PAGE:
Georgia joins GBIF as an associate participant

Participation expands to the Black Sea as biodiversity-rich mountain republic becomes formal member of the network

Mertensiella caucasica
Mertensiella caucasica (Waga, 1876) observed in Samtskhe-Javakheti, Georgia by Gert Jan Verspui (CC BY-NC 4.0)

The South Caucasus republic of Georgia has become an associate participant in GBIF, joining more than 100 other national governments and international organizations to support and promote free and open access to biodiversity data. As signatories of the GBIF Memorandum of Understanding, the Ministry of Environmental Protection and Agriculture (MEPA) of Georgia will represent the country on the GBIF Governing Board.

"Georgia has joined GBIF in order to support and improve the research progress in the country in the area of biodiversity," said Nino Tandilashvili, Deputy Minister of MEPA. "Being a member of GBIF will improve our biodiversity monitoring system, contribute to data on global biodiversity, and facilitate science-based decisions in our field. While our country's research organizations already make quite a large amount of data available through GBIF, we will continue to complement it since our biodiversity is rich and scientific data is growing. Participating in GBIF will also be a huge capacity development opportunity for our scientific organizations as well as the Ministry."

Perched at the intersection of Europe and Asia on the Black Sea's eastern coast, Georgia is a largely mountainous country whose territory extends into both the Caucasus and the Irano-Anatolian biodiversity hotspots. These unique reservoirs of plant and animal life are simultaneously among the world's richest and most threatened regions. Though Georgia comprises just one seventh of the land area of the Caucasus, almost all of the region's landscapes and biomes and more than two thirds of its species are found in the country.

MEPA reported in 2020 that the country's terrestrial network of protected areas covered 7,775 square kilometres, or 11.5 per cent of its territory, marking an increase over the 9 per cent reported in 2012. However, with distinctive forests that harbour around 400 species of trees and bushes—61 of them endemic—and a millennia-old agricultural history represented by 265 populations of crop wild relatives, much more remains to be done to preserve Georgia's singular natural heritage.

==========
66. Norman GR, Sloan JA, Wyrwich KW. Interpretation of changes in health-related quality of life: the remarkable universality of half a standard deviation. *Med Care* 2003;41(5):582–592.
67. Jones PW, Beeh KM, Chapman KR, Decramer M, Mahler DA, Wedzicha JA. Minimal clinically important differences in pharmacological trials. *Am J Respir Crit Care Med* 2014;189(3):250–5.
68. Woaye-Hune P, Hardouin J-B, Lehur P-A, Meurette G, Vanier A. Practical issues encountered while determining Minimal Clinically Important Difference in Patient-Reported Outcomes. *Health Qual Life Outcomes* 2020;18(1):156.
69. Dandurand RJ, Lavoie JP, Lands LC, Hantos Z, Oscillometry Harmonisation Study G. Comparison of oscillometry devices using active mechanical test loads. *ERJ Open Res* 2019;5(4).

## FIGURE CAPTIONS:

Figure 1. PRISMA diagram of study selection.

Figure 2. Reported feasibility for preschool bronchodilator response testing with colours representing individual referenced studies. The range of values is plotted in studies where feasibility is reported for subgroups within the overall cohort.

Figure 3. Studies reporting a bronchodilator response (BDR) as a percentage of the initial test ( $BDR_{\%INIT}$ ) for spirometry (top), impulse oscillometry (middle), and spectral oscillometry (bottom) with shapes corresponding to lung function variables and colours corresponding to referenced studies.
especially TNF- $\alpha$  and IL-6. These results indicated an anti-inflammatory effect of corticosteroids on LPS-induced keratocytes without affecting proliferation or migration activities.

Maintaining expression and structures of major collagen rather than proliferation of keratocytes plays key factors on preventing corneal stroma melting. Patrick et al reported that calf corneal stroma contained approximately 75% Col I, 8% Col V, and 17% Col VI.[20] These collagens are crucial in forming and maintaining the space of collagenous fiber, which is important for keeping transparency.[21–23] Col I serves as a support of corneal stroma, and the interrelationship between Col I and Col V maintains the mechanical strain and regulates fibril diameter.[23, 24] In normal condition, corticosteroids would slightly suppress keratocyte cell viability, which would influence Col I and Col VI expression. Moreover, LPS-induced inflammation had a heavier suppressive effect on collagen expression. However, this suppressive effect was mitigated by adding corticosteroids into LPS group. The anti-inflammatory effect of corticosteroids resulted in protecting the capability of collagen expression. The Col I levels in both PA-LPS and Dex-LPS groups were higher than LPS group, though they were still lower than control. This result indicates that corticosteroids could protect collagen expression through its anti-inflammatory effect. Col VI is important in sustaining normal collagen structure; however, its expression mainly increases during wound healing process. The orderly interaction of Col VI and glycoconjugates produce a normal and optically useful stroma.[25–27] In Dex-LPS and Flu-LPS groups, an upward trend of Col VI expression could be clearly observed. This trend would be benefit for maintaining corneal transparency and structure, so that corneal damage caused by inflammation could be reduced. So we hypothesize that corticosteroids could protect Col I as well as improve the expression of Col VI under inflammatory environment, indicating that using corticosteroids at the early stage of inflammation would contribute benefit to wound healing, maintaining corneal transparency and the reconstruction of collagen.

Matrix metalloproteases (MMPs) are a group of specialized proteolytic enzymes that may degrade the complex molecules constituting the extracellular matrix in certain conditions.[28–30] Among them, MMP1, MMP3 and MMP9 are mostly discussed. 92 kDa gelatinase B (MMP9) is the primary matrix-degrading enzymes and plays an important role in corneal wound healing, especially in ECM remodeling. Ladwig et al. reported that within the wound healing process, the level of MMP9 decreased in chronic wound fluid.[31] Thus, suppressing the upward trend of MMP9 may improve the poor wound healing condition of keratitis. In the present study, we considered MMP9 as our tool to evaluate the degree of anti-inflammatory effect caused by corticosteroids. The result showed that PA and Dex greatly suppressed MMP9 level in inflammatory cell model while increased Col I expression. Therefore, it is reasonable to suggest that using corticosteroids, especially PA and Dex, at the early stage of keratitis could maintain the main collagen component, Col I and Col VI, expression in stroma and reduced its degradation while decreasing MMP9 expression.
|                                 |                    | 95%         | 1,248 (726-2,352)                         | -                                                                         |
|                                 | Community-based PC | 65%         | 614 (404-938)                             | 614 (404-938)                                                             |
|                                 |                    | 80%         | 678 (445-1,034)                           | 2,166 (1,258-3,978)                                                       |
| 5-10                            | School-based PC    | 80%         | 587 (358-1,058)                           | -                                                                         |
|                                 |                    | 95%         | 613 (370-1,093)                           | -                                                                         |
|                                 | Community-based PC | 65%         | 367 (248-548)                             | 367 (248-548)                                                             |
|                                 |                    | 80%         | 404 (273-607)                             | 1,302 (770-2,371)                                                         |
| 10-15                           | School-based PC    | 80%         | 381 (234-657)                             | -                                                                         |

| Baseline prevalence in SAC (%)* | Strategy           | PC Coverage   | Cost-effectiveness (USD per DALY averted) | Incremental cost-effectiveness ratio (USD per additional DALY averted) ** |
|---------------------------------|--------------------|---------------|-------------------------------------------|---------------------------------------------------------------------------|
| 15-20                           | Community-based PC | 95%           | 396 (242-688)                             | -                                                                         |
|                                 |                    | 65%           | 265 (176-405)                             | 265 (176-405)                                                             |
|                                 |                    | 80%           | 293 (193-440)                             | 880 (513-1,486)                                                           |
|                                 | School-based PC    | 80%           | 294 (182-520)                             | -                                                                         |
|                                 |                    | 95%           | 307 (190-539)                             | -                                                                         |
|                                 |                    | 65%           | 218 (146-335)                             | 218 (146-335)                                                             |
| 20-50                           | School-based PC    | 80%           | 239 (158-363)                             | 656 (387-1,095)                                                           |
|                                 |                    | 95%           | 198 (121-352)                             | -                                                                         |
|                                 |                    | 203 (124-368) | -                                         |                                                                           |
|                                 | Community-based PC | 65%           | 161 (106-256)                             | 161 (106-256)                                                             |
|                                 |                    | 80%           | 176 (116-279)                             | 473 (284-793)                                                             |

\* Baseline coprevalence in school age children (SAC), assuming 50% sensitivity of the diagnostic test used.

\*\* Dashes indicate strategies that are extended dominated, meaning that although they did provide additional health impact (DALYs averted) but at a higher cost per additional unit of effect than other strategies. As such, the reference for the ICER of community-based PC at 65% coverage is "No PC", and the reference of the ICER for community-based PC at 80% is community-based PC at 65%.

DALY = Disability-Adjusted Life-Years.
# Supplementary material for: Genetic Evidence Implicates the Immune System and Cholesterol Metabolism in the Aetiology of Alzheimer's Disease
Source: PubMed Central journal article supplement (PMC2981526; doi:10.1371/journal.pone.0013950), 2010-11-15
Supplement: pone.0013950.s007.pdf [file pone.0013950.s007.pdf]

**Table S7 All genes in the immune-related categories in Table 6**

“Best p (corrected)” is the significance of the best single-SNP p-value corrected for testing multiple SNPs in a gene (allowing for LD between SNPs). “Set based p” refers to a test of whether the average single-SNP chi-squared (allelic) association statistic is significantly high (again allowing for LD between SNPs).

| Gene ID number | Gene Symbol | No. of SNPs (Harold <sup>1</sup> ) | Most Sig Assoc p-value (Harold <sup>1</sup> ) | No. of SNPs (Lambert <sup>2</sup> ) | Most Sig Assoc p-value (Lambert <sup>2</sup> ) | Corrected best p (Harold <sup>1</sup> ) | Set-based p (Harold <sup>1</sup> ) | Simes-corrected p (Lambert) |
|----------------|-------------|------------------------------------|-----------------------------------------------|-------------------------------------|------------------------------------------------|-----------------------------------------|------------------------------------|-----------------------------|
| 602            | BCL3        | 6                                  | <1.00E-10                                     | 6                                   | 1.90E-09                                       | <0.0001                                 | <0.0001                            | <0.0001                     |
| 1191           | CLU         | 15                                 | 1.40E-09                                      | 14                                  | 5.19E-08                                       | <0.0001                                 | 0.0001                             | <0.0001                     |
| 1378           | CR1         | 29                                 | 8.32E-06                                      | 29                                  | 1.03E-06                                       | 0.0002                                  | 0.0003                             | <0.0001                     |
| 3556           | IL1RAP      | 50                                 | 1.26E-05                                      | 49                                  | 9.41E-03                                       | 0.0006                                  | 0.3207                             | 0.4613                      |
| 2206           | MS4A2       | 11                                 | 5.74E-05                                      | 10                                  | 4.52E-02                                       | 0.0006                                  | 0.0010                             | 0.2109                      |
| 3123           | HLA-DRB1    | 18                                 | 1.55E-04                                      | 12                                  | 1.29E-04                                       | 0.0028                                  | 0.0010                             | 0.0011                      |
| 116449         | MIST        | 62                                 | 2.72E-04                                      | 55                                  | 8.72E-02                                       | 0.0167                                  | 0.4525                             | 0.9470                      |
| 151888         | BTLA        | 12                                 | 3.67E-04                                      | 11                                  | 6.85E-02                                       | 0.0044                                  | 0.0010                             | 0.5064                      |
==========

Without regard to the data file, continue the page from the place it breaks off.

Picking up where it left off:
One prior engagement crucial to Georgian participation in GBIF was a series of training sessions run by Secretariat programme officer Andrew Rodrigues between 2020 and 2022. These workshops aimed to help the experts from Georgia charged with developing a national Red List aligned with IUCN Categories and Criteria and supported by their data collecting activities aligned with GBIF standards. Ilia State University (ILIAUNI) is expected to publish the checklist data resulting from this project, which received funding from the German-based international development and cooperation service provider, GIZ (in German, Deutsche Gesellschaft für Internationale Zusammenarbeit).

"We are excited about deepening our collaboration with Georgia after numerous discussions and interactions in recent years," said Tim Hirsch, GBIF deputy director. "Georgia's natural heritage, especially in relation to agricultural biodiversity, is a unique and valuable asset to the global community, and we look forward to helping colleagues from our newest associate participant share their data and put it more widely to use."

Users of can currently access nearly one million species occurrence records in Georgia, including datasets from the National Herbarium and Institute of Zoology, both institutions hosted at ILIAUNI in Tbilisi, the nation's capital. The largest dataset about Georgian biodiversity from Batumi Raptor Count—an NGO based in the Netherlands—includes more than 460,000 autumn sightings of migrating raptors along the east African-Palearctic flyway situated just north of Batumi on the Black Sea.

As a participant, Georgia will have access to a range of tools and resources to help prepare and publish biodiversity data toward a more precise accounting of the status of its biodiversity. Meanwhile, access to training and capacity building initiatives and the use of globally recognized data standards from the GBIF network can build on previous steps to establish a national biodiversity monitoring system, ensuring comprehensive integration of biodiversity considerations into planning, policy- and decision-making.